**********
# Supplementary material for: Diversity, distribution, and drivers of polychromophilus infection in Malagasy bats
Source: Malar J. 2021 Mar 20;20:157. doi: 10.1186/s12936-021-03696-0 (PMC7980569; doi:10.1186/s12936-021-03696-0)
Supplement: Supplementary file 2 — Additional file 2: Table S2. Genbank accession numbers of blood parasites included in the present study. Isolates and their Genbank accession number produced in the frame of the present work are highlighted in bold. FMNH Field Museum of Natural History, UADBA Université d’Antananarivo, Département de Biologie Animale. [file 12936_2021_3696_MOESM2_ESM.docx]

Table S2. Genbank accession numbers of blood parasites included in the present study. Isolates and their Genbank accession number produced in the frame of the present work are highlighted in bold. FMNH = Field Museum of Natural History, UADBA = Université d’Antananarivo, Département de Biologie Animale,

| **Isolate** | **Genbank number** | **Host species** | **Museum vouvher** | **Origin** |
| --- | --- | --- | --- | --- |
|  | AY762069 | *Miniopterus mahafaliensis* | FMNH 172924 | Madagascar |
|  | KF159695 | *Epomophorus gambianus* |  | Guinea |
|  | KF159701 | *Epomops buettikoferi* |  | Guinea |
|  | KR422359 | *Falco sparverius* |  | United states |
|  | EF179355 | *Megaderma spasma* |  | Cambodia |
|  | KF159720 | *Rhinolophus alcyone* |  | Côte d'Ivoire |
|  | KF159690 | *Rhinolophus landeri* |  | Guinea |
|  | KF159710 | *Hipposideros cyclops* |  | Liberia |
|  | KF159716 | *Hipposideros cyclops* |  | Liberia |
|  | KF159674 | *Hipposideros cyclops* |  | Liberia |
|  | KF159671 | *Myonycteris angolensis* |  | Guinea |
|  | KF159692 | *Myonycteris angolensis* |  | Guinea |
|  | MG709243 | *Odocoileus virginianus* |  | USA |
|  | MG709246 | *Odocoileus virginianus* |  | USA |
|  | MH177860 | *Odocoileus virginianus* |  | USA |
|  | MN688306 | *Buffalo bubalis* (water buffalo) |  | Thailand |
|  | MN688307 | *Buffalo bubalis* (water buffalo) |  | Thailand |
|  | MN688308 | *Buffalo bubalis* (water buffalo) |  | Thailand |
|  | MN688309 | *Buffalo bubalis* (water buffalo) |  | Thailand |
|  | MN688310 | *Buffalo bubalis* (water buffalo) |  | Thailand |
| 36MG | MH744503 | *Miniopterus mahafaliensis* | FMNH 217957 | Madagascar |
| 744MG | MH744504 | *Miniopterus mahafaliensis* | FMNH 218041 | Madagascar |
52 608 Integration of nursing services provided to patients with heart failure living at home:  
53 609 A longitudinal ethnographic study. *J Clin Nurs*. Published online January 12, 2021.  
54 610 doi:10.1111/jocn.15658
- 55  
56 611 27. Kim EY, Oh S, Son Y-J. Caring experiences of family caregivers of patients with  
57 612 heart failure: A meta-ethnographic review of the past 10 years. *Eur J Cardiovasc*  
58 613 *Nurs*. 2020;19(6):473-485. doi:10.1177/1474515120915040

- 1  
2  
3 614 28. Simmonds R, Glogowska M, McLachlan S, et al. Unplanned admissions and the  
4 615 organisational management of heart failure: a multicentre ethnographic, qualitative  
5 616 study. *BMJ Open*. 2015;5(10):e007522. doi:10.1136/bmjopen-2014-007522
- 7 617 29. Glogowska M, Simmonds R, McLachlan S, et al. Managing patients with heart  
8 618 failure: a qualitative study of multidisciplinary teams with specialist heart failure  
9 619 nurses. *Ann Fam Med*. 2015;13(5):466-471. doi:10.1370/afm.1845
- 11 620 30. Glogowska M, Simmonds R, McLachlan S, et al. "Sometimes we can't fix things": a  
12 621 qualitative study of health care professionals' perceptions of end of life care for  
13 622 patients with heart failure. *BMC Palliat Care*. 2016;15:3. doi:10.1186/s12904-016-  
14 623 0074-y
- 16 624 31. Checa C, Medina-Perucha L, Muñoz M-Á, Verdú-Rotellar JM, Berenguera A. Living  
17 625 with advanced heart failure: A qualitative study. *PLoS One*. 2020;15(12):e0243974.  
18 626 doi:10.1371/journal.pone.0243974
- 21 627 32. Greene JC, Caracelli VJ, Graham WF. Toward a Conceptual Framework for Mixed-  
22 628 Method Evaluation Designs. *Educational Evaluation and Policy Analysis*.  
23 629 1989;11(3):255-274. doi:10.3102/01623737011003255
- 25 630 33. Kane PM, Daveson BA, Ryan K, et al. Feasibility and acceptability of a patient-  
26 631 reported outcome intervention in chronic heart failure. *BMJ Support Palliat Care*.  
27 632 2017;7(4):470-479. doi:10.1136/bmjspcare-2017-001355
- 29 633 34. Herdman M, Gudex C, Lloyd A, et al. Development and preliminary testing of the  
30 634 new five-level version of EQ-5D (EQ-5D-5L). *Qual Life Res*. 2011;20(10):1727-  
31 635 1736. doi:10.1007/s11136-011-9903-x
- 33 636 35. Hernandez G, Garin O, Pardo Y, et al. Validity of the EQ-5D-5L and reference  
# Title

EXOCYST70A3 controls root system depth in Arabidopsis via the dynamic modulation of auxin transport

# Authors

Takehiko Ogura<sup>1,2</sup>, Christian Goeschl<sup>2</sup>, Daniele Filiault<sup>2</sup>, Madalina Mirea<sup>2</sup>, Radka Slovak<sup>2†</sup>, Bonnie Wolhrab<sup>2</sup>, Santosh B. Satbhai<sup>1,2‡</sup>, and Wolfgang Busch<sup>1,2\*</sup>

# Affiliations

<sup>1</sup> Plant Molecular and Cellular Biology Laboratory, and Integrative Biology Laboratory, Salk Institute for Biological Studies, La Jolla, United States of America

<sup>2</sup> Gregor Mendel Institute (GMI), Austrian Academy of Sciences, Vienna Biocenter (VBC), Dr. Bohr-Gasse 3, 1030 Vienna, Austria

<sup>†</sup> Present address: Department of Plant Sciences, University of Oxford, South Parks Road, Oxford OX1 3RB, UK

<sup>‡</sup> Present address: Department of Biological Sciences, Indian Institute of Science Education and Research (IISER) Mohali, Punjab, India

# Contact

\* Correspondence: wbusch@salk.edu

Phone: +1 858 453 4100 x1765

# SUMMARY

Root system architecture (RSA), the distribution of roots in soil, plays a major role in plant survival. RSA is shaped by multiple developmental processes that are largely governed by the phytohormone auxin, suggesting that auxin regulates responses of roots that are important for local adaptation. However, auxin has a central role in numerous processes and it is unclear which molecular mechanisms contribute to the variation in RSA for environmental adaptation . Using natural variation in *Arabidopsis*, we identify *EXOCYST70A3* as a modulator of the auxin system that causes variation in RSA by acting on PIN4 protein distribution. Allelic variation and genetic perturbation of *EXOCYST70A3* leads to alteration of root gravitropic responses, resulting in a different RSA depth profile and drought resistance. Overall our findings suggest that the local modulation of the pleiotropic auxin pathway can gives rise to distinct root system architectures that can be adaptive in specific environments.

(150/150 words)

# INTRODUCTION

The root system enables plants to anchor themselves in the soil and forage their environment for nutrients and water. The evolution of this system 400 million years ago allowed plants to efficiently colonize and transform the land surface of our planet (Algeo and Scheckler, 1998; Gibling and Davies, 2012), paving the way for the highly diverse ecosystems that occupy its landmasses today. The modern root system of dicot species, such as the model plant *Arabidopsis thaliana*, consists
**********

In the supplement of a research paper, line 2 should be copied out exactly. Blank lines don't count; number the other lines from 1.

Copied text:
Source: Malar J. 2021 Mar 20;20:157. doi: 10.1186/s12936-021-03696-0 (PMC7980569; doi:10.1186/s12936-021-03696-0)